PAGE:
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Energy performance is also a hot topic these days, and rightfully so. Metal roofs and walls are not insulative by themselves, but they do play a key role in radiative heat management. Through extensive research and real-time field testing, the industry has greatly lowered the infrared absorbance of paint pigments. Use of these coatings decreases heating loads in cooling dominated climates without sacrificing color selection or durability. Reflectivity may be stated as Solar Reflectance Index, or SRI, which is on a scale of 1 to 100 and even higher with 100 being a standard bright white. The SRI of white metal roofing is well into the 90s and even many of the traditional colors used in architectural applications register in the mid-20s or higher. For reference, untreated asphalt shingles are usually between 15 and 22.
IMP roofs combine this with superior core R-values as high as R-8 per inch and U-factors as low as 0.035 Btu per hour per square foot per Fahrenheit for a 4-inch panel. Side joints employ factory-sealed tongue-and-groove joints, resulting in great air barrier performance.
Strong fire resistance is another attribute of metal construction. Roofs are generally tested against external fire with UL 790, which incorporates both a flame exposure and a burning brand component. Virtually all metal roofs achieve the highest rating (Class A) when used over open framing or a non-combustible deck.
Metal construction is also used in assemblies rated for time exposure to a standard fire using ASTM E118/UL 263. Facility managers can find a collection of these ratings on the Metal Building Manufacturing Association’s (MBMA) website with 2-plus hour assemblies for roofs and walls, including the specialized joints needed to connect them. Explore UL, Intertek and FM listings for IMPs, and facility managers will find mineral wool core products rated from 1 to 3-hours from 3 to 8 inches thick respectively, and even some foam plastic core panels achieve one or two hours utilizing multi-layer Type X gypsum board.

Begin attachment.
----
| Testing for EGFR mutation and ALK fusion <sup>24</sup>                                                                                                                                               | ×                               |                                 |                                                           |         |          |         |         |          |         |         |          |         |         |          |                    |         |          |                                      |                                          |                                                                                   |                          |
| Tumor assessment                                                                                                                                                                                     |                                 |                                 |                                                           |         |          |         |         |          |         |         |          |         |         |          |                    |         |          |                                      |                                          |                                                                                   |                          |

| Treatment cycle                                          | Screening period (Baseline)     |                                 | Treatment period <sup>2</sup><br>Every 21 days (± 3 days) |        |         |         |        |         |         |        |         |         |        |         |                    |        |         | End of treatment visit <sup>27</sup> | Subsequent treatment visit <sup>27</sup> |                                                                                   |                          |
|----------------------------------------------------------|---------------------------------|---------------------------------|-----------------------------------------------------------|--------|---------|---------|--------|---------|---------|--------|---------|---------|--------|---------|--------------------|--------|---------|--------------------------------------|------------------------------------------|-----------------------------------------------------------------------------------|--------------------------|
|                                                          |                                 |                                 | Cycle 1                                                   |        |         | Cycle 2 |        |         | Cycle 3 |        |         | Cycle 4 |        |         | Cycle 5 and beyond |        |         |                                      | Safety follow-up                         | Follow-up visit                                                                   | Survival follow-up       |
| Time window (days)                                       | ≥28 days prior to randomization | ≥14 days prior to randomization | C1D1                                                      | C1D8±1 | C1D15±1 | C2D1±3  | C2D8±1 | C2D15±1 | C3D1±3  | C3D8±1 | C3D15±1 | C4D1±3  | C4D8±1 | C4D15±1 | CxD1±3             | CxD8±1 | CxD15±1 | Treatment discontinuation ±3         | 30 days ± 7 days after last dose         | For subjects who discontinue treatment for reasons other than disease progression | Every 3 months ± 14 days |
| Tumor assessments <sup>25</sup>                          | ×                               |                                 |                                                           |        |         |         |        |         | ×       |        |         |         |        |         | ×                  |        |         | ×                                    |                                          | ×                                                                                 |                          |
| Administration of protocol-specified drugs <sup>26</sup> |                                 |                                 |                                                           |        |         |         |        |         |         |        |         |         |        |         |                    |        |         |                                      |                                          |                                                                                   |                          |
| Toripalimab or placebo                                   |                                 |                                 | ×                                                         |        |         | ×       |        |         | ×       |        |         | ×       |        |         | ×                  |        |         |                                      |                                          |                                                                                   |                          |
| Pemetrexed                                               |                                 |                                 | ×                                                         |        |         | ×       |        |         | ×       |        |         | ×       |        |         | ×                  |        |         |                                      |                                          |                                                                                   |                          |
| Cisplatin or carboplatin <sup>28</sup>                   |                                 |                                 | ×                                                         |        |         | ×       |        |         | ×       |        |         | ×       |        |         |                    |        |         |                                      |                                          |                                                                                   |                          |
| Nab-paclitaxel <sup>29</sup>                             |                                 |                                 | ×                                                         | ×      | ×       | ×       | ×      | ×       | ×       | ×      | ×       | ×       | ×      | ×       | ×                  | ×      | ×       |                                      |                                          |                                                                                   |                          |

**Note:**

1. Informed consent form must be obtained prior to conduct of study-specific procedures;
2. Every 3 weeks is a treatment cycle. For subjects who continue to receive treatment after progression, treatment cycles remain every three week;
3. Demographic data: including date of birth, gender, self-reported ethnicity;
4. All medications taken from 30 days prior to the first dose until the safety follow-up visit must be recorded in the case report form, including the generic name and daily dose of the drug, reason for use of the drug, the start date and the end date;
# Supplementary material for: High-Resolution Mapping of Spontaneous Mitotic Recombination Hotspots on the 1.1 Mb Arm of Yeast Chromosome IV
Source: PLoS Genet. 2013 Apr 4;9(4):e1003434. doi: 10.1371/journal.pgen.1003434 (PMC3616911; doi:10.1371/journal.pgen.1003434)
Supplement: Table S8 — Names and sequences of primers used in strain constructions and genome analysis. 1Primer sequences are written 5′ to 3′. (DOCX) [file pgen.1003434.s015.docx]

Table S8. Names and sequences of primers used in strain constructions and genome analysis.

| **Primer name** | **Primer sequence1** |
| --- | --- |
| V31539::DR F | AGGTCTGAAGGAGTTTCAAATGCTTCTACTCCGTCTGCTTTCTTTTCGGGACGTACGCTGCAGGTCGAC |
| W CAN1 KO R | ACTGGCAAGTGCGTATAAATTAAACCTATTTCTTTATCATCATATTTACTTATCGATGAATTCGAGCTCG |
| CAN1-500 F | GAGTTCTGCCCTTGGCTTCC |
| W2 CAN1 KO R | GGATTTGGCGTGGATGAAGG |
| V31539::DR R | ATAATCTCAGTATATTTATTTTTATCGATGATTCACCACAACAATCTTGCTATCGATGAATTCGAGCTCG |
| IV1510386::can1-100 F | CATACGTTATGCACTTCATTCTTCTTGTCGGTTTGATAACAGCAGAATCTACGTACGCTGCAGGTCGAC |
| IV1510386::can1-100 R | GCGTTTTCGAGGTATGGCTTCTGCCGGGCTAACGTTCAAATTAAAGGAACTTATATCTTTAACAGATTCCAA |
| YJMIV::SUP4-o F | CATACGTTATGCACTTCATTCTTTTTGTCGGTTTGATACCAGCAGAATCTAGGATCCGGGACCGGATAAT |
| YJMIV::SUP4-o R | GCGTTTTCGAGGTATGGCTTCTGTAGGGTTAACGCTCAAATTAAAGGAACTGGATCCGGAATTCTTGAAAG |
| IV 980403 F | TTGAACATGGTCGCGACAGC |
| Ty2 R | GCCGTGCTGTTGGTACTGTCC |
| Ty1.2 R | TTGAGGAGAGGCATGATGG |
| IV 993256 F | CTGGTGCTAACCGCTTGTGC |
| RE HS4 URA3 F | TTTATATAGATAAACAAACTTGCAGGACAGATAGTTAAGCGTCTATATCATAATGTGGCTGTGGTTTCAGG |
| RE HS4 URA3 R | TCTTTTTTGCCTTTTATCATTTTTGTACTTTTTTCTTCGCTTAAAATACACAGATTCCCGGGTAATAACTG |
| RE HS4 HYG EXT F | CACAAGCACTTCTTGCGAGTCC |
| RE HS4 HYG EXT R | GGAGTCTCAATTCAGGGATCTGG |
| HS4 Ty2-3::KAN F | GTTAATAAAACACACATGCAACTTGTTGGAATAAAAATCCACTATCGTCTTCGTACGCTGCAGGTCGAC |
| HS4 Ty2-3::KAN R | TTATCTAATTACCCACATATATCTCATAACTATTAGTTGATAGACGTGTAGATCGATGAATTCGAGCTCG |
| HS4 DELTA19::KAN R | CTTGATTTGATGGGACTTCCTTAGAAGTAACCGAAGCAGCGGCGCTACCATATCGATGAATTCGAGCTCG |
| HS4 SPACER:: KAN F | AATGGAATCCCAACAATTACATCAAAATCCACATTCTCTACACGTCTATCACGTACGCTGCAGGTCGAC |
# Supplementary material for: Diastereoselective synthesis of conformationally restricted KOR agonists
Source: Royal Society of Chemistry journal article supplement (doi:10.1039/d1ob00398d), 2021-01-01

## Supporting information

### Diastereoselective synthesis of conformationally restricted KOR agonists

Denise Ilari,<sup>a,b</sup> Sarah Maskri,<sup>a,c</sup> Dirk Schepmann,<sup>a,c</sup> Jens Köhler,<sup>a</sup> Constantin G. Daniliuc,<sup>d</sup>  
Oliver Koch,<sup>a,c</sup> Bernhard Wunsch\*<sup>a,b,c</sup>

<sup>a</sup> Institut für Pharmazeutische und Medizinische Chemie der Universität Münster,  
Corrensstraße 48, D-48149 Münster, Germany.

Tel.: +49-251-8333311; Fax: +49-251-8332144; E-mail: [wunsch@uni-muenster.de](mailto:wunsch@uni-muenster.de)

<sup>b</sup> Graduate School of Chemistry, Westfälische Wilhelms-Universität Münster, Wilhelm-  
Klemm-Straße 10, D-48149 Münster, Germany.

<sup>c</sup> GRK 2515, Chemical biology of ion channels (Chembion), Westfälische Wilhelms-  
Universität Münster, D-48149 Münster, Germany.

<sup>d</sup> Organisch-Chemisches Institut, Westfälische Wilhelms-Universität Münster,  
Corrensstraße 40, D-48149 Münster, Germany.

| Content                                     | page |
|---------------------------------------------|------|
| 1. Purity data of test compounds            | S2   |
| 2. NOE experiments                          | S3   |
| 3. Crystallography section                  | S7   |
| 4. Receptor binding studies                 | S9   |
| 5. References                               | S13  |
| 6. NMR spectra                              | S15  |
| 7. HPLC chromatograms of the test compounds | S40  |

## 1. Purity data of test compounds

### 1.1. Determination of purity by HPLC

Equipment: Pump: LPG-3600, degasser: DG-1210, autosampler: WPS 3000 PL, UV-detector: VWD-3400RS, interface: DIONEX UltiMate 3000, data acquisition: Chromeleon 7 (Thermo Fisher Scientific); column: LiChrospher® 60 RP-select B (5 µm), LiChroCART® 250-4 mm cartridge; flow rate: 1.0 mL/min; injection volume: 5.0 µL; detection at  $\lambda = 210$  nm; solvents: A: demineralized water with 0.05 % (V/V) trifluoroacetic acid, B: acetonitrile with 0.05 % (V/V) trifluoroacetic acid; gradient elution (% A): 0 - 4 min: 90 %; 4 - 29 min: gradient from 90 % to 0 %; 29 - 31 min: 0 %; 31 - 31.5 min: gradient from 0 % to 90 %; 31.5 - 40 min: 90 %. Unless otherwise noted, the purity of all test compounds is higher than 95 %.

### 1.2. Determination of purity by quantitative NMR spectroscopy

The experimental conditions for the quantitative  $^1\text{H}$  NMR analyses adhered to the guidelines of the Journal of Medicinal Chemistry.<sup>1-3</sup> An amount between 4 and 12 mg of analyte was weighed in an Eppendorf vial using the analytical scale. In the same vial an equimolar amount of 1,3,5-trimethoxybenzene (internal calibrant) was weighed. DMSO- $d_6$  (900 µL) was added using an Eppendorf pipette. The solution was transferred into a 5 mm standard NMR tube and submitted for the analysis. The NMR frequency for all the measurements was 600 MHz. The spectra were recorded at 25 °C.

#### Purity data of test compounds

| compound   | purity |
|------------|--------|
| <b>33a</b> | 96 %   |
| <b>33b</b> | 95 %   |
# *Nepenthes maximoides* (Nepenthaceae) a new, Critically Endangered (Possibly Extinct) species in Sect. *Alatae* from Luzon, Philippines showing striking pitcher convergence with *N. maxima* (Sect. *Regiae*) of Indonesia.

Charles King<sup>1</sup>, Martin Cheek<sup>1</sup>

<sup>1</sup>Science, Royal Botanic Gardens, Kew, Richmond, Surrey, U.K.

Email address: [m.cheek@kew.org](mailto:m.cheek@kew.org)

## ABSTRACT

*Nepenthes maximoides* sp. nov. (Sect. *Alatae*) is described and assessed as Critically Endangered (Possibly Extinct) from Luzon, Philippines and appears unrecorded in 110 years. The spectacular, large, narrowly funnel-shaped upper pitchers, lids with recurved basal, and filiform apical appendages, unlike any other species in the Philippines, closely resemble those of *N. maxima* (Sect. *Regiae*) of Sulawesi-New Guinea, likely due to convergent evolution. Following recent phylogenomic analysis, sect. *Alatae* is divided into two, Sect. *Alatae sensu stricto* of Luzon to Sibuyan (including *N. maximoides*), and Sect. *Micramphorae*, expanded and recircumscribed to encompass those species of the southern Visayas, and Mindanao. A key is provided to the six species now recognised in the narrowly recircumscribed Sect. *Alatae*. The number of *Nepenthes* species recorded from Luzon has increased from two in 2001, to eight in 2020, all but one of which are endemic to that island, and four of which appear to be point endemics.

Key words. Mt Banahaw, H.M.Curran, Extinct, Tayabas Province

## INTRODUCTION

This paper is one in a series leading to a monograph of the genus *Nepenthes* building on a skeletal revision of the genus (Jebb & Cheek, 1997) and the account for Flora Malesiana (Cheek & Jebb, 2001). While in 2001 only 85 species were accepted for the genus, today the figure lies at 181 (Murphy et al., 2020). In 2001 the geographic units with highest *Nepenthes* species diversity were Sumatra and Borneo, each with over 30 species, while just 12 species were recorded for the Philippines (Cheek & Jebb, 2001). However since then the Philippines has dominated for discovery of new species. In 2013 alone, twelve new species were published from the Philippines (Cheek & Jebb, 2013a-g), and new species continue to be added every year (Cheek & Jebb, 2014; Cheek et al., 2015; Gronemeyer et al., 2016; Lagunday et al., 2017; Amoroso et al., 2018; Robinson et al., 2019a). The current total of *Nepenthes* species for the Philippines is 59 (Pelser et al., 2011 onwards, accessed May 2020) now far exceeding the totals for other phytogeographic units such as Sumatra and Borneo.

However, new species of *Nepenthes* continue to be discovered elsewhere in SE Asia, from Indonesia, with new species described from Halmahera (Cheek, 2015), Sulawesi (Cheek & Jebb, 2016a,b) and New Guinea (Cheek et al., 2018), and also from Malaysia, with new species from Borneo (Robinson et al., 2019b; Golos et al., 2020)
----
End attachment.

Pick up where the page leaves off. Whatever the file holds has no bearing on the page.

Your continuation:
While good performance in extreme events is key to public safety, the fact is that most buildings do not experience these events in their lifetimes. But every building experiences regular exposure to ultraviolet light, humidity, large thermal swings, non-extreme wind, rain, hail, etc., and these impacts add up over time. Arguably, this is the more difficult threat to manage because it will occur decades in the future.
One myth about metal that may prevent some facility managers from choosing it as a building material is that metal rusts. Technically, iron rusts and other metals oxidize, each in their own way. But it all can be effectively managed with two strategies. The first is to use protective coatings, both organic and metallic. The second strategy is to use seals, trims, fasteners, etc., to keep water moving along the surface preventing entrapment and electrically insulate one metal ply from the other, preventing accidental galvanic action.
While the products themselves utilize the first strategy, installation methods employ the second through clear details and instructions, usually available for free on manufacturer’s websites. These practices have evolved over a century and work remarkably well. A recent study conducted by MCA conclusively showed that metallic-coated metal roofs can last 60 years or more when these strategies are employed. That is two complete replacement cycles of many standard roofing products.
Bob Zabcik, LEED AP, is the technical director of the Metal Construction Association. Zabcik is also director of research and development for consulting firm NCI.
Enhance Energy Performance with Metal Roofing